Haftarah Parshat Miketz
December 4, 2010
27 Kislev 5771
The events and significance of Hanukkah are much more complicated than is generally known. In modern times, Hanukkah is \”marketed\” as a \”Festival of Religious Freedom\” by some and a \”Festival of National Freedom\” by others. There may be some truth to these two titles but its historical significance lies elsewhere. The events of Hanukkah may have started out as a civil war between Jews over an issue of consequence to this day: what should Judaism look like? Should it be universalistic, reflecting the manner and ideals of the general world around it or should it be true to its time honored outlook? In other words, how will Judaism accommodate itself to the world?
There are inklings of this profound debate already in this special haftarah for Hanukkah. In the messianic spirit, Zechariah prophesies: \”Shout for joy, Fair Zion! For lo, I come; and I will dwell in your midst – declares the Lord. In that day many nations will attach themselves to the Lord and become His people, and He will dwell in your midst.\” What will Israel look like when this confluence of people enters into its fellowship? Will they influence it or will Judaism influence them. This question came sooner than Zechariah may have expected. At the time of the story of Hanukkah, this sort of admixture of people joined the Jewish people in the land of Israel; if not joining the Jewish people, at least, living along side them. For some segments of the people, this \”universal\” Greek influence proved quite tantalizing. For others, it was quite troublesome.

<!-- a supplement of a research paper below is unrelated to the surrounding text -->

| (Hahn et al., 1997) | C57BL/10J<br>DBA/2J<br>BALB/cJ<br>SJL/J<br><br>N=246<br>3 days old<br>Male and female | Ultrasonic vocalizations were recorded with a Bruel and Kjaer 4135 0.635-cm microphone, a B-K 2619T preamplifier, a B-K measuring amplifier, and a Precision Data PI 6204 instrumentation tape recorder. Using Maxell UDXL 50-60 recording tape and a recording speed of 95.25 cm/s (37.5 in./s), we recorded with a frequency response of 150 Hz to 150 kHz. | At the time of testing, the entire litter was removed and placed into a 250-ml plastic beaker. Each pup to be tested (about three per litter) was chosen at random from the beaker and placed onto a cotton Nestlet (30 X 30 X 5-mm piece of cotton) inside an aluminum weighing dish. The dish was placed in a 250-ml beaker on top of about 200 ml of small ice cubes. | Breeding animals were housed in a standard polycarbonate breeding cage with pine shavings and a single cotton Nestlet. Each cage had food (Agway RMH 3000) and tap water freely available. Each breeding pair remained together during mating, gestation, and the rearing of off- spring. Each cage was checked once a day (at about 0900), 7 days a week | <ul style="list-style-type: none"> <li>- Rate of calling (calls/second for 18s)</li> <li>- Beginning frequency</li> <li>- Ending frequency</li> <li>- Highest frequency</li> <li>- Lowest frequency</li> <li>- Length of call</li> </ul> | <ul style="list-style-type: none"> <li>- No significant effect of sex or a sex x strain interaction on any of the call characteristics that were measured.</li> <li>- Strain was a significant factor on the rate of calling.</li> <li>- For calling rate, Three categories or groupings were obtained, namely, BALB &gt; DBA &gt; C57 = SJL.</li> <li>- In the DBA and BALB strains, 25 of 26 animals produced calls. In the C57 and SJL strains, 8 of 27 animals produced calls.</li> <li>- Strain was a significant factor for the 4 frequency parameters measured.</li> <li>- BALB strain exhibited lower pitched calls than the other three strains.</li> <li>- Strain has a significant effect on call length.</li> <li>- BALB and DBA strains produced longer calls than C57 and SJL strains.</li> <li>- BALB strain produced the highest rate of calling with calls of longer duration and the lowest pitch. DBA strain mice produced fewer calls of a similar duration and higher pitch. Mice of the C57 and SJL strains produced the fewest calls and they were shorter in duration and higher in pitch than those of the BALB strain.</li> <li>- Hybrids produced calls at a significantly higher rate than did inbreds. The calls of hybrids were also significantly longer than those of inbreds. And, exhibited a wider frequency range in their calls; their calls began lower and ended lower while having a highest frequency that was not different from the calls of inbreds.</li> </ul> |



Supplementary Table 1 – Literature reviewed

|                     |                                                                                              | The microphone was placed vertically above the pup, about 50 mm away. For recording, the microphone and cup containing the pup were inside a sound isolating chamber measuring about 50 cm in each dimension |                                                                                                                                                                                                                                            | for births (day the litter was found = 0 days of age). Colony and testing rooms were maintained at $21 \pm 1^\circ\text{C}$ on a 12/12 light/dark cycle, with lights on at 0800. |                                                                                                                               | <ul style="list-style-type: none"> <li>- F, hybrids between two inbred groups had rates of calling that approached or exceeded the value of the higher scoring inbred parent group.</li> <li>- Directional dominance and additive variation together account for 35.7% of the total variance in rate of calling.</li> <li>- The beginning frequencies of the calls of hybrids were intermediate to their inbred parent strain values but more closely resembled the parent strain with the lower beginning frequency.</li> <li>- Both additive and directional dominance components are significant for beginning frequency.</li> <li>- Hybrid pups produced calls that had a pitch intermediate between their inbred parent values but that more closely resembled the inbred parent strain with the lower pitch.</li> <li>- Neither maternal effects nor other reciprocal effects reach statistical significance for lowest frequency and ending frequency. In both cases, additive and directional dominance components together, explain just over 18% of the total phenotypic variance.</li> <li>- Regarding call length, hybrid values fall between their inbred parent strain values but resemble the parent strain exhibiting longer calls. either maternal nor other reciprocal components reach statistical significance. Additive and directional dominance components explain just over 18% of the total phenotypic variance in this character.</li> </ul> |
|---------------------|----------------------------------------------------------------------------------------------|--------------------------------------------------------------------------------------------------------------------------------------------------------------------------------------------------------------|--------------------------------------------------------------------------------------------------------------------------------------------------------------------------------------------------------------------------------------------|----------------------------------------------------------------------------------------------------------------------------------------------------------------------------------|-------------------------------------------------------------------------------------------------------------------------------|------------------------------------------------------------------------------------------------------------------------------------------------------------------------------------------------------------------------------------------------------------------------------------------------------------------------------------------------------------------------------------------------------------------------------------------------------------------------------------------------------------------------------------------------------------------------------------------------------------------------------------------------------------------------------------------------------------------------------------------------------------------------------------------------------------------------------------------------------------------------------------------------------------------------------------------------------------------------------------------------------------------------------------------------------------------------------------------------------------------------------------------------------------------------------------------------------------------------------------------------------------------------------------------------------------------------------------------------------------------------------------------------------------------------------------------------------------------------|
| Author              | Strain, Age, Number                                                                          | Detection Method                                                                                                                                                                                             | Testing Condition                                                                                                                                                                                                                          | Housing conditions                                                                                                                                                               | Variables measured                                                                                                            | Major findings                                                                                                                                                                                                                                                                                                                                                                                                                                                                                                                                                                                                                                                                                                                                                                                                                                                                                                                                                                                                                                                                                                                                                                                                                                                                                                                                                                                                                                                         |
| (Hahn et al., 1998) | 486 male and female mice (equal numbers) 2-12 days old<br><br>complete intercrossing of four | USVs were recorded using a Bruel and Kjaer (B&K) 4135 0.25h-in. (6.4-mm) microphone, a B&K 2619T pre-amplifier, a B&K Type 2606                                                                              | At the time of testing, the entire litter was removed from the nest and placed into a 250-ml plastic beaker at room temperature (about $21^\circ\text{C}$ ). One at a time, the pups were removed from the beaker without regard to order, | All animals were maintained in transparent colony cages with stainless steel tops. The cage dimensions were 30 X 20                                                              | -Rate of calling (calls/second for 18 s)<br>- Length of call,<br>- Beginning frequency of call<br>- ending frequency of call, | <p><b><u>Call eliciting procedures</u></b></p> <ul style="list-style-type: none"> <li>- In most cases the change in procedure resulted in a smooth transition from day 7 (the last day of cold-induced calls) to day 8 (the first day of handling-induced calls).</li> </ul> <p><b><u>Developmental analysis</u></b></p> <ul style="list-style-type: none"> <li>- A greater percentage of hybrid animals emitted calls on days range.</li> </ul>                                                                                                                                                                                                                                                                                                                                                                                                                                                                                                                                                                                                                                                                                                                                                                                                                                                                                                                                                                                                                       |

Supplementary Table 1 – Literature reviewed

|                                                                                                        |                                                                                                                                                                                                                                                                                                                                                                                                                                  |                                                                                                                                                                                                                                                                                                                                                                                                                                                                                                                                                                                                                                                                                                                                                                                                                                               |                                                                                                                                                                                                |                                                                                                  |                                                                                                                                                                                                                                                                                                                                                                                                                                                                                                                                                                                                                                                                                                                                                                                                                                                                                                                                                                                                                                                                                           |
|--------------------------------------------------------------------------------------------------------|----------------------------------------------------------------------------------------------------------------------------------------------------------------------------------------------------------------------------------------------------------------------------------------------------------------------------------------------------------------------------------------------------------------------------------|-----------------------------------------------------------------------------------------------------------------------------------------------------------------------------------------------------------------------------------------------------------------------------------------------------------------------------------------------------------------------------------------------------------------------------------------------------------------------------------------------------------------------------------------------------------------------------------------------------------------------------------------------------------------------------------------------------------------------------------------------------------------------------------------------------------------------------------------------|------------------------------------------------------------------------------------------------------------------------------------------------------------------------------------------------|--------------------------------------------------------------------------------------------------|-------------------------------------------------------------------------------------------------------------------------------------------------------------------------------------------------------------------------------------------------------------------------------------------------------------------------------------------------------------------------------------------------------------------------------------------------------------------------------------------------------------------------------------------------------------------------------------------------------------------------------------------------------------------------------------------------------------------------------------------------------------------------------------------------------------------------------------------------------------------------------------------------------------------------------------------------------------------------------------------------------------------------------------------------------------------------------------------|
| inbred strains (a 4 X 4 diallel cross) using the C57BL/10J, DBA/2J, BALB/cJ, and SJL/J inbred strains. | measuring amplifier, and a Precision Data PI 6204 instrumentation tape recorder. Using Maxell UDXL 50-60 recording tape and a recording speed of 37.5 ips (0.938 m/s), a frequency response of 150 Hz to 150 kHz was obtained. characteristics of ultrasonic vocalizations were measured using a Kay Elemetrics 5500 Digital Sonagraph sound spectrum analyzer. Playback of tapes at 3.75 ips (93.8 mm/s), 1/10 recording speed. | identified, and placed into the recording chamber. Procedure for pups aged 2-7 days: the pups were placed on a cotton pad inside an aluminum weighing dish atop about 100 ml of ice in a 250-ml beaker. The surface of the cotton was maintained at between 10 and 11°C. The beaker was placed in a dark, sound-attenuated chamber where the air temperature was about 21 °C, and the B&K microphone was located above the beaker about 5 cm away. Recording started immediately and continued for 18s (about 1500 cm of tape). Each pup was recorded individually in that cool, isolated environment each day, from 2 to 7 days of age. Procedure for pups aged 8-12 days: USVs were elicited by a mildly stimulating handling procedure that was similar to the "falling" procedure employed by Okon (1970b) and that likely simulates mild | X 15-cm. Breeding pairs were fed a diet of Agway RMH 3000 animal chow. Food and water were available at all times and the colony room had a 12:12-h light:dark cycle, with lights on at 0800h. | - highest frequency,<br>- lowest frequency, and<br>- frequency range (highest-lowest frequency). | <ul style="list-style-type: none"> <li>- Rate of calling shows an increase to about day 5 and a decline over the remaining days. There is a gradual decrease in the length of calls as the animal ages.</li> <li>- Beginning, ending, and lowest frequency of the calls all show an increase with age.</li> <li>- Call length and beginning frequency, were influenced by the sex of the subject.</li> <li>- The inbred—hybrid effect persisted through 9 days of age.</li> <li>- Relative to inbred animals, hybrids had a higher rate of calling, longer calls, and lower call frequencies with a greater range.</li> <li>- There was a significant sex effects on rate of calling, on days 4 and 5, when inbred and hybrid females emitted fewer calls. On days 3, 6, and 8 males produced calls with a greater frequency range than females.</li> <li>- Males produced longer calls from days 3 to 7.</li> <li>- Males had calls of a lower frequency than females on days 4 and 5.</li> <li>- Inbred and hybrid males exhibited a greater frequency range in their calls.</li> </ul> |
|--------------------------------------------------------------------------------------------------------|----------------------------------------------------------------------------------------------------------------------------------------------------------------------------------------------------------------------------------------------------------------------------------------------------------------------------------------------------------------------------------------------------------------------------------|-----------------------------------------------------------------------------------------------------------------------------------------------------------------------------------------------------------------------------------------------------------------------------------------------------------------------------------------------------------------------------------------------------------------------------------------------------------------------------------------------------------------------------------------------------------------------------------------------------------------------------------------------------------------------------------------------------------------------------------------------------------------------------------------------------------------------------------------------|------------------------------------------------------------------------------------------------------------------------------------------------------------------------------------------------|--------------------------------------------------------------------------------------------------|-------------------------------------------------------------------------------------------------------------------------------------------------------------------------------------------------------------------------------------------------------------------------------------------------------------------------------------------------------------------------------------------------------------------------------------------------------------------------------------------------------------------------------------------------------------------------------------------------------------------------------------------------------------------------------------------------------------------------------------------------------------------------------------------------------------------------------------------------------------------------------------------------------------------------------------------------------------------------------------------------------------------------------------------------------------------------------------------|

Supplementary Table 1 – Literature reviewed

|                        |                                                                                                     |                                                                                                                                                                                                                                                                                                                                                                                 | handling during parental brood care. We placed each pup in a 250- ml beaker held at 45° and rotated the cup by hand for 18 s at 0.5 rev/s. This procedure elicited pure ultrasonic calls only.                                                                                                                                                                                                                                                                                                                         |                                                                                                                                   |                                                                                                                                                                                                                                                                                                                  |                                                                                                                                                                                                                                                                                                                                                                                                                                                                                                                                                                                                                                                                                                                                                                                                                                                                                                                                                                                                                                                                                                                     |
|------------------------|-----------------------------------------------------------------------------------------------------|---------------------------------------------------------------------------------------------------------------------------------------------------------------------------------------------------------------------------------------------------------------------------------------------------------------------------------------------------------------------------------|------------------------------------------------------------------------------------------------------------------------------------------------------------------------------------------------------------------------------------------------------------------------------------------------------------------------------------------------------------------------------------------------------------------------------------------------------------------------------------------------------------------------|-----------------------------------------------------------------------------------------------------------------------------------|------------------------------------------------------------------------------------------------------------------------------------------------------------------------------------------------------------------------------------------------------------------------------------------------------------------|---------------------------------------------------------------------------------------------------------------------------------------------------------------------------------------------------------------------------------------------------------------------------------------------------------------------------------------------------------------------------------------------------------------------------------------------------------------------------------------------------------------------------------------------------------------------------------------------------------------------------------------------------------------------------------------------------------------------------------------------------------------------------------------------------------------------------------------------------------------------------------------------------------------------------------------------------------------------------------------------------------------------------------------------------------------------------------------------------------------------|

This debate became quite serious because the Hellenistic or Greek forces tried to impose their ways upon the Temple ritual and Jewish life in general. The consequences of this dispute became larger than just a feud among Jews. The Greeks eventually became involved. The rest of the story is better known.
The radical form this debate took in Temple times was painful, divisive and destructive. But, in truth, this struggle is a constant struggle for a people like the Jews. We must always contend with the balancing act of how we will maintain authentic Jewish identities and how we will fit into the world. This is the challenge that we are reminded of every Hanukkah.
This study piece is offered as a service of the United Synagogue Conservative Yeshiva. It is prepared by Rabbi Mordechai (Mitchell) Silverstein, senior lecturer in Talmud and Midrash at the Conservative Yeshiva. He is a graduate of the Jewish Theological Seminary of America.
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